Gesture recognition usually involves some sort of optical system watching your hands, but researchers at UC Berkeley took a different approach. Instead they are monitoring the electrical signals in the forearm that control the muscles, and creating a machine learning model to recognize hand gestures.
The sensor system is a flexible PET armband with 64 electrodes screen printed onto it in silver conductive ink, attached to a standalone AI processing module. Since everyone’s arm is slightly different, the system needs to be trained for a specific user, but that also means that the specific electrical signals don’t have to be isolated as it learns to recognize patterns.
The challenging part of this is that the patterns don’t remain constant over time, and will change depending on factors such as sweat, arm position, and even just biological changes. To deal with this the model can update itself on the device over time as the signal changes. Another part of this research that we appreciate is that all the inferencing, training, and updating happens locally on the AI chip in the armband. There is no need to send data to an external device or the “cloud” for processing, updating, or third-party data mining. Unfortunately the research paper with all the details is behind a paywall.
Continue reading “A Gesture Recognizing Armband”
[Will Cogley] is slowly but surely crafting a beautiful bionic hand. (Video, embedded below.) The sheer amount of engineering and thought that went into the design is incredible. Those who take their hands for granted often don’t consider the different ways that their digits can move. There is lateral movement, rotation, flexion, and extension. Generally, [Will] tries to design mechanisms with parts that can be 3D printed or sourced easily. This constrains the hand to things like servos, cable actuation, or direct drive.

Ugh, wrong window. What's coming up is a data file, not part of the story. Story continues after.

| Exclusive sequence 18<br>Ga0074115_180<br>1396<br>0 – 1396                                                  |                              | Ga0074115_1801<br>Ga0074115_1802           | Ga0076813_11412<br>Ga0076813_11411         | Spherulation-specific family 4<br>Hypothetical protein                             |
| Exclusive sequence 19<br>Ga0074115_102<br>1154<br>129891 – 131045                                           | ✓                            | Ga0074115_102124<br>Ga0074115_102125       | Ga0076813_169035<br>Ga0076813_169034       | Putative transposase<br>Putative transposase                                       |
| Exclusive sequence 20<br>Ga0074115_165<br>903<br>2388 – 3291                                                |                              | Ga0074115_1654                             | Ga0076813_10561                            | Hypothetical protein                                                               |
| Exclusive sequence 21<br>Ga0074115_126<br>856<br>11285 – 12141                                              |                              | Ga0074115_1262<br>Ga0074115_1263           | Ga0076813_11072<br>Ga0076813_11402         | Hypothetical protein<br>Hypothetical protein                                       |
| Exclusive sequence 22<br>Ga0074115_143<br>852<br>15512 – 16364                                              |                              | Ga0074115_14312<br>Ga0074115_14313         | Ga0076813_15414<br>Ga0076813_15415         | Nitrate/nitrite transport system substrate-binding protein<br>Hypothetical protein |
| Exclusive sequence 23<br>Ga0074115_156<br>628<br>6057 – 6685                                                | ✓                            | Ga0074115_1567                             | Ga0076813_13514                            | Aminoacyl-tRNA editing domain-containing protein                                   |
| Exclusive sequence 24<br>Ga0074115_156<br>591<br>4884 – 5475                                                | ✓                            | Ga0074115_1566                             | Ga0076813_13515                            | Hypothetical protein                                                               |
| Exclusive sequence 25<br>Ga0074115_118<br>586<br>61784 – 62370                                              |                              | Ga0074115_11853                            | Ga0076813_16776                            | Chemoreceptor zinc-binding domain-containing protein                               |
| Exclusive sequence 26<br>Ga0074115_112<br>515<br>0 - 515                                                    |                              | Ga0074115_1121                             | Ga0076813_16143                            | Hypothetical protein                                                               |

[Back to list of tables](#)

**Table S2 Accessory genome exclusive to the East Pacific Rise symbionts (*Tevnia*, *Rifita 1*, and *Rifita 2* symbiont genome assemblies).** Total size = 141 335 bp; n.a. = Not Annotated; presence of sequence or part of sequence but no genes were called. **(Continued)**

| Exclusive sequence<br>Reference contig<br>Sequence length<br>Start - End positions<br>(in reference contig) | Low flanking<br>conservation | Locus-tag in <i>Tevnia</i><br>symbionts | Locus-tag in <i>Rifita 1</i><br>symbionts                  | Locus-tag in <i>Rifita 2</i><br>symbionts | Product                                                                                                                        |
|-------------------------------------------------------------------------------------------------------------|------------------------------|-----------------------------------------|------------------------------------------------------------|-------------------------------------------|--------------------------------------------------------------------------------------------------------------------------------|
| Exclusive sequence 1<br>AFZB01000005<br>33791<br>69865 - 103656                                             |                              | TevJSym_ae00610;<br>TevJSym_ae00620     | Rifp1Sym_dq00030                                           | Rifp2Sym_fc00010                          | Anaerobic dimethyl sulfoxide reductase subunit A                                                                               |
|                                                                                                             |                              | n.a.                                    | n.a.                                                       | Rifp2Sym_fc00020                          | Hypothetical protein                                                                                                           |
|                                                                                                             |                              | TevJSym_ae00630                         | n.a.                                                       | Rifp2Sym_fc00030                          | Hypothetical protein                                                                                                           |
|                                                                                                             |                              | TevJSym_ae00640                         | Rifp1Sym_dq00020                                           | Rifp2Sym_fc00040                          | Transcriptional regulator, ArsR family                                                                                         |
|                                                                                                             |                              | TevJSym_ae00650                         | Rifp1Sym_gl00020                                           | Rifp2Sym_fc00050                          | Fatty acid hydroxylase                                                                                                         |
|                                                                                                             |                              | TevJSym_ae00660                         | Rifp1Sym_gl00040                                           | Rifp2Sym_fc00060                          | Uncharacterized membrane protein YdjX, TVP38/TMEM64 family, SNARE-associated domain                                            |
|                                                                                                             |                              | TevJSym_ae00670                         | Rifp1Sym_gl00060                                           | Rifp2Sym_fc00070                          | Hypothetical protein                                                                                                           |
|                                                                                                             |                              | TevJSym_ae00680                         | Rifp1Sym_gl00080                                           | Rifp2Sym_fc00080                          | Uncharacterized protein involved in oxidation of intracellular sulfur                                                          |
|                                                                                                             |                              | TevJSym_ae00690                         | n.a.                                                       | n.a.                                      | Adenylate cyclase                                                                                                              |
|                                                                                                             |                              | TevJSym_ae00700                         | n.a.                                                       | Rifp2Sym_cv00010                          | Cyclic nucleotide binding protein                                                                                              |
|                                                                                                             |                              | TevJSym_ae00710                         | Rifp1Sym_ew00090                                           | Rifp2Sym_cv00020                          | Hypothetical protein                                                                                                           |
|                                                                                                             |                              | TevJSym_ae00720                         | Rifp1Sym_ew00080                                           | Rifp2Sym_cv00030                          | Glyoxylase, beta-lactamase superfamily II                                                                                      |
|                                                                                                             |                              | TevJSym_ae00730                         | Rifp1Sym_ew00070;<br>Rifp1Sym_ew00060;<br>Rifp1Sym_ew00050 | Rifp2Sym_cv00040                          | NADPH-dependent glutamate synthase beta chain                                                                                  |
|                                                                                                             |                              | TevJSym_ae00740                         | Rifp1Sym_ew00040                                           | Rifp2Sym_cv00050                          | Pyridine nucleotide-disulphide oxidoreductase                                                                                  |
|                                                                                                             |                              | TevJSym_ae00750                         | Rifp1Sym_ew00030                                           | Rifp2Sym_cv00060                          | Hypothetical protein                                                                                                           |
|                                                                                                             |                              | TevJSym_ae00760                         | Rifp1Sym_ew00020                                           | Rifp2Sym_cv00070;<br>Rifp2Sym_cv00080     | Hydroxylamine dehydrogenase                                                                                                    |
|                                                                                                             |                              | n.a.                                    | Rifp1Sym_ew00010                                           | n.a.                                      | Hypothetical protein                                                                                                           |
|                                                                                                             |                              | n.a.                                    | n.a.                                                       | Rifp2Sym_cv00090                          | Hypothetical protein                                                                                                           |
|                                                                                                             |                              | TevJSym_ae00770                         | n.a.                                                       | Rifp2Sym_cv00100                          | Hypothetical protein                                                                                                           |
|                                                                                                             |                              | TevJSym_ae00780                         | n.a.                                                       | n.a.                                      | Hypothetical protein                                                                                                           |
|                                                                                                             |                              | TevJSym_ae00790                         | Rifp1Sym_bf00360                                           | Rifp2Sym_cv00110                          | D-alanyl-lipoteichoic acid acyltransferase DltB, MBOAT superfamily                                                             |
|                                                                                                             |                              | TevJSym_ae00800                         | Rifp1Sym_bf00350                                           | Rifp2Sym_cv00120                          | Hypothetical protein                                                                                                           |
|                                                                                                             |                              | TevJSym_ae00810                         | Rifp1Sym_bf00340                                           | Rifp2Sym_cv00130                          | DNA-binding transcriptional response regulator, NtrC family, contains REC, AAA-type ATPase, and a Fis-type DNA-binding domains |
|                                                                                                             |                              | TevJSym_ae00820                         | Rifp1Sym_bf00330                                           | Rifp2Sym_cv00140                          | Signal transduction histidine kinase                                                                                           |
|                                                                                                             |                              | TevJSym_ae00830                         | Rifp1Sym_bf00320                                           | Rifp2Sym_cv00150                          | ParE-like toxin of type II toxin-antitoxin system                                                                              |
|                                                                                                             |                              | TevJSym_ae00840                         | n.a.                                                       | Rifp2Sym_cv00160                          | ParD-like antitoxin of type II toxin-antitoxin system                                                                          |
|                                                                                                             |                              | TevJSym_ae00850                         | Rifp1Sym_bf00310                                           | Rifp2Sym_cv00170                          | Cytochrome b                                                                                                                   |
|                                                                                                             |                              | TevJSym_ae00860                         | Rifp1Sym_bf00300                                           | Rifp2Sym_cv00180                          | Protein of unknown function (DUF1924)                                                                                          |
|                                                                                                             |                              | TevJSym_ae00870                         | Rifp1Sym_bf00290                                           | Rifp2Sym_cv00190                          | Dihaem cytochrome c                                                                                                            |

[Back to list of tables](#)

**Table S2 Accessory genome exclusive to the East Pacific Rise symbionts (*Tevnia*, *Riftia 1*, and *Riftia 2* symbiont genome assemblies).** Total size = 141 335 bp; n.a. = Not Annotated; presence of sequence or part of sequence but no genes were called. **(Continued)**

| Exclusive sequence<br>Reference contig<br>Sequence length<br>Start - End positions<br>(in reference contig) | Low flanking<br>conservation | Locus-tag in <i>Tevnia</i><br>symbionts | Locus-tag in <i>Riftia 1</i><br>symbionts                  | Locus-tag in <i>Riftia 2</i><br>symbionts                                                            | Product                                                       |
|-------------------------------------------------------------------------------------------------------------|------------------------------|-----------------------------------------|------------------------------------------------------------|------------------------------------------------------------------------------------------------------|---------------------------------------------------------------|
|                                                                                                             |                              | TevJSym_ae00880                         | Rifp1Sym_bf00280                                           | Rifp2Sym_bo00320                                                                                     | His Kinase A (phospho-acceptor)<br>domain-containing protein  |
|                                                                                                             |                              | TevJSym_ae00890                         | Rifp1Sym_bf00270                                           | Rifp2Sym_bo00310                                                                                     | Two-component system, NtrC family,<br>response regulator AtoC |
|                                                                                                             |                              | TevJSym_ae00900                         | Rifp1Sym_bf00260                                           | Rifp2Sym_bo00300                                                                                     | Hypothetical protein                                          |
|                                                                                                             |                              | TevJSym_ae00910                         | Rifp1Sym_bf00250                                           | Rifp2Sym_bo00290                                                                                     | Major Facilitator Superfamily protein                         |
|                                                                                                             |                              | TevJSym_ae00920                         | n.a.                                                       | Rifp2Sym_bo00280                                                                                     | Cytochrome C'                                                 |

However, the thumb has a particularly tricky range of motion. So for the thumb [Will] designed to use a worm geared approach to produce the flexing and extension motion of the thumb. These gears need to be machined in order to stand up to the load. A small side 3d printed gear that connects to the main worm gear is connected to a potentiometer to form the feedback loop. Since it isn’t bearing any load, it can be 3d printed. While there are hundreds of little tiny problems still left to fix, the big problems left are wire management, finalizing the IP (Interphalangeal) joints, and attaching the whole assembly to the forearm.
All the step files, significants amounts of research, and definitions are all on [Will’s] GitHub. If you’re looking into creating any sort of hand prosthetic, the research and attention [Will] has put into this is work incorporating into your project. We’ve seen bionic hands before as well as aluminum finger replacements, but this is a whole hand with fantastic range and fidelity.
Continue reading “Meticulous Bionic Hand”
[Ian Davis] has decided to start over on his hand. [Ian] is missing four fingers on his left hand and has for a year now been showcasing DIY prosthetics on his YouTube channel. Back in July, we covered [Ian]’s aluminum hand.
Why aluminum? [Ian] found himself reprinting previous versions’ 3D printed plastic parts multiple times due to damage in the hinged joints, or UV damage rendering them brittle. With an ingenious splaying mechanism and some sensors powered by an Arduino, [Ian] has been wearing the custom machined aluminum hand on a daily basis.
However, as with many makers, he had that itch to revisit and refine the project. Even though the last version was a big jump in quality of life, he still found room for improvement. One particular problem was that the sensors tended to shift around and made it hard to get an accurate reading. To overcome this, [Ian] turned to a molding process. However, adding a stabilizing silicon layer meant that the design of the prosthetic needed to change. With several improvements in mind, [Ian] started the process of creating the plaster positive of his palm, working to create a silicon negative. The next step from here was to create a fiberglass shell that can go over the silicone with sensor wires embedded into the fiberglass shell.
It has been amazing to see the explosion in 3D printed prosthetics over the past few years and hope the trend continues. We look forward to seeing the next steps in [Ian’s] journey towards their ideal prosthetic!
Continue reading “What If You Could Design Your Own Aluminum Hand?”